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Dow: The art of making C’s

Marie Elizabeth Shade Dow
Valley Voices

A friend of mine who attended college in the days of carefree innocence, when the job market was good and when we were at peace, once told me that she tried to just make C’s. Grades that were too good meant fewer dates and, of course, below that mark would make short shrift of a fun college career. Goodness knows, this would mean an end to all the skiing and spring break beach trips — so she had to keep up those C’s.

Marie Elizabeth Shade Dow

Even in bygone times a C was a C: one thing hasn’t changed. Making a C, right on the mark, was not easy. My friend was quite smart, so there was a temptation to answer too many questions correctly. Also she never knew about the curve. Fellow students might unexpectedly bone up on a subject or totally tank an exam, so one had to calculate the risks.

One of my husband’s fraternity brothers had a saying: “It is better to make a B without studying than an A with studying.” He is the author of the infamous freshman English theme that began and abruptly ended, “I like fishing at Silver Lake because” (i.e. fell asleep in mid sentence after partying the night before).



Another fraternity brother was fortunate enough to be a member of a family who donated generously to the university. This particular university was on a 3.0 system (A = 3, B = 2, C = 1) which resulted in 0 quality points for D’s. (That would have made life even more precarious for my friend.)

Back to the fraternity brother whose family supported the university, after one semester break, my husband asked him “How did you do?” He replied, “Shut out again!” Somehow, with enough money and persuasion, a D student could remain enrolled.



However, the university had its limits and standards. After a certain number of poor semesters, the student was read the riot act, and surprisingly, some of these students buckled down and made enough A’s and B’s to counter the disgrace and bring their GPA up to a C.

Another friend of my husband (how do they all seem to be fraternity brothers?) experienced the least amount of stress of anyone I know. During spring finals week he went to the dunes with his finals schedule taped to the top of his beer cooler and told his friends to wake him up when he had an exam. This guy later became a Lutheran pastor!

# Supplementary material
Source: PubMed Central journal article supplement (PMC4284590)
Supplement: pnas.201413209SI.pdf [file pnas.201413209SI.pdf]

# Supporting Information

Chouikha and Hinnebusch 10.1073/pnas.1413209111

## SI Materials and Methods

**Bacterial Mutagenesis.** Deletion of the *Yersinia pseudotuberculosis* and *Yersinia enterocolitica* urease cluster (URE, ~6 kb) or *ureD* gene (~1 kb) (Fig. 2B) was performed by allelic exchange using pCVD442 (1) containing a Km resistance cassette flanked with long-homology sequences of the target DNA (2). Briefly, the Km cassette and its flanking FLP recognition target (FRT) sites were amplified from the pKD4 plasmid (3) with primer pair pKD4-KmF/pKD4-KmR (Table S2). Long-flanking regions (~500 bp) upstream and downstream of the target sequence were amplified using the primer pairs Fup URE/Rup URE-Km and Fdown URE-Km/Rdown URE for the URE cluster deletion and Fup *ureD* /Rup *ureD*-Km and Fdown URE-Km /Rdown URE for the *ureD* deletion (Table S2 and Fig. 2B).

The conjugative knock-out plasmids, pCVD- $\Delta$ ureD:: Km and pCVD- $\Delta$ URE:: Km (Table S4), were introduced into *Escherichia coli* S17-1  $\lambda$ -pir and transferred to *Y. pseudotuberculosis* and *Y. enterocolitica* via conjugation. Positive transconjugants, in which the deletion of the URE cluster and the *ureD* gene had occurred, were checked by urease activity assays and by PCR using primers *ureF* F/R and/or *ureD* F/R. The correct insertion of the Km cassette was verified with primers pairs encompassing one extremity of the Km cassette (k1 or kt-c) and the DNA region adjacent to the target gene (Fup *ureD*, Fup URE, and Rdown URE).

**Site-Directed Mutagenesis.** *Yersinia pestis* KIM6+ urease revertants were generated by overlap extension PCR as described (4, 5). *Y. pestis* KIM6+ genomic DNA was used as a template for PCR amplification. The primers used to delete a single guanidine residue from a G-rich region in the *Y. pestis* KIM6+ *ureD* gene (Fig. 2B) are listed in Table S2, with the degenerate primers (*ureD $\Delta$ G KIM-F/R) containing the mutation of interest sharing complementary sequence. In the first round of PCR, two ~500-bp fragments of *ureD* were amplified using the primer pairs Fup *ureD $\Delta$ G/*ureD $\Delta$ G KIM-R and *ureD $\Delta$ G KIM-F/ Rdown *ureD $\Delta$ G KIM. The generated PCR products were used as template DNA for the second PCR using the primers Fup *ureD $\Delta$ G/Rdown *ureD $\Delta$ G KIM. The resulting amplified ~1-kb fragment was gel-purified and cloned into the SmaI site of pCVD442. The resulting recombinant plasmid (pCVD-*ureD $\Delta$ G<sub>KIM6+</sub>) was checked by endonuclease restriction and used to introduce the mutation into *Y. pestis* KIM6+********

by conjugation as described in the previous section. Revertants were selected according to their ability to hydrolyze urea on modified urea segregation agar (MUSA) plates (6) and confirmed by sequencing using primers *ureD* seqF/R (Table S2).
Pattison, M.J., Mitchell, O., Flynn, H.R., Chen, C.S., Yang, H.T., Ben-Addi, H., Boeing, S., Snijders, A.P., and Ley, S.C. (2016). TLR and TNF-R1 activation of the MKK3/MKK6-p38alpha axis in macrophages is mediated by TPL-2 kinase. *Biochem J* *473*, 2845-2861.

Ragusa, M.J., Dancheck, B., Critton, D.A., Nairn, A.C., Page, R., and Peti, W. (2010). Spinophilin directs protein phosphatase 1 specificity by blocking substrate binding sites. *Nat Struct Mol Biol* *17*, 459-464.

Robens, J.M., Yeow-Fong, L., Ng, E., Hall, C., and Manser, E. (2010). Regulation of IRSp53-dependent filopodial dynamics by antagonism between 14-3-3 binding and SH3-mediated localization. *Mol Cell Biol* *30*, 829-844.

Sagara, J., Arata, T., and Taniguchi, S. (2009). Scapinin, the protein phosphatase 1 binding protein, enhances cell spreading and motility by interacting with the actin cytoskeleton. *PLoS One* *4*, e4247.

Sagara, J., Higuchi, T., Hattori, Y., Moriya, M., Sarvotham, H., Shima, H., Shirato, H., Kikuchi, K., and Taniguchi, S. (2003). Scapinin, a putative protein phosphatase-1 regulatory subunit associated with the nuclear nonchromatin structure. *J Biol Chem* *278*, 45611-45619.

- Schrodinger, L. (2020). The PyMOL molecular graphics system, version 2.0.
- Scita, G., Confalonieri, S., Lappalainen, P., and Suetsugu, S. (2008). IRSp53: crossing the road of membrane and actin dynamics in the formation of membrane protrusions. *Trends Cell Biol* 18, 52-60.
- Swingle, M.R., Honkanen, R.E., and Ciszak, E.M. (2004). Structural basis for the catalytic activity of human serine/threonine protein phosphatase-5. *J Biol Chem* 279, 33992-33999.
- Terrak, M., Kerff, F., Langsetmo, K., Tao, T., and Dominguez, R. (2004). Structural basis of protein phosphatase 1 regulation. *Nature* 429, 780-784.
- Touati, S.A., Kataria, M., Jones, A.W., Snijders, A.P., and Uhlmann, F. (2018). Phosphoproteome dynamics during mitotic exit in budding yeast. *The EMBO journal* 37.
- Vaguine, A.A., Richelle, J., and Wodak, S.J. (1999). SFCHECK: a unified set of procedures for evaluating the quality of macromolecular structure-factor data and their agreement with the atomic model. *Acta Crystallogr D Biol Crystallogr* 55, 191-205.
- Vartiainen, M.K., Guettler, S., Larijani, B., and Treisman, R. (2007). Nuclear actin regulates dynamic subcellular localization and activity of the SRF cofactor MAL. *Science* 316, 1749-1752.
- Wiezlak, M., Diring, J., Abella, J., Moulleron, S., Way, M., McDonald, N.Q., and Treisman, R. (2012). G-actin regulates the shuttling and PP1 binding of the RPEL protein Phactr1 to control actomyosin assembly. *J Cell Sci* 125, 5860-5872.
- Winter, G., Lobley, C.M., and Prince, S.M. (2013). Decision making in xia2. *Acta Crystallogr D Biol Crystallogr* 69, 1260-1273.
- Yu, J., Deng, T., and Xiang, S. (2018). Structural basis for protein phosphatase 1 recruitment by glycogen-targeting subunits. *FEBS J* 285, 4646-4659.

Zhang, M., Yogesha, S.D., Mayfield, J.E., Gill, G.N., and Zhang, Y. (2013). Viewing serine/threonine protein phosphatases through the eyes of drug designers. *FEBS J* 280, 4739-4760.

Returning to the comment of my friend about the consummate C average, this actually reminded me of a cousin of mine who also went to college in the glory days of C’s. She was a beauty, very popular and very intelligent as we learned more accurately later — but we always thought she majored in sorority. She graduated, married a very smart doctor (who wasn’t aiming for C’s) and she had to face her first job interview.

Her father managed to get her in the door at the headquarters of a large corporation. Face to face with the then-called head of personnel (now Human Resources — you see, everything has changed except the C’s), the question was posed, “And what can you do?”

My cousin, impeccably dressed, college diploma in hand, broke down in tears and replied, “I can’t do anything but my husband is a resident and I need a job.” She thought the interviewer would turn her away, but he took a moment and kindly stated, “Surely you can file.” “Oh yes!” my cousin exclaimed. She said she was punctual, reliable and the best file clerk that company ever had.

Moral of the story is my husband’s famous one-liner: “One’s ability to do well in school and make money have nothing to do with each other.”


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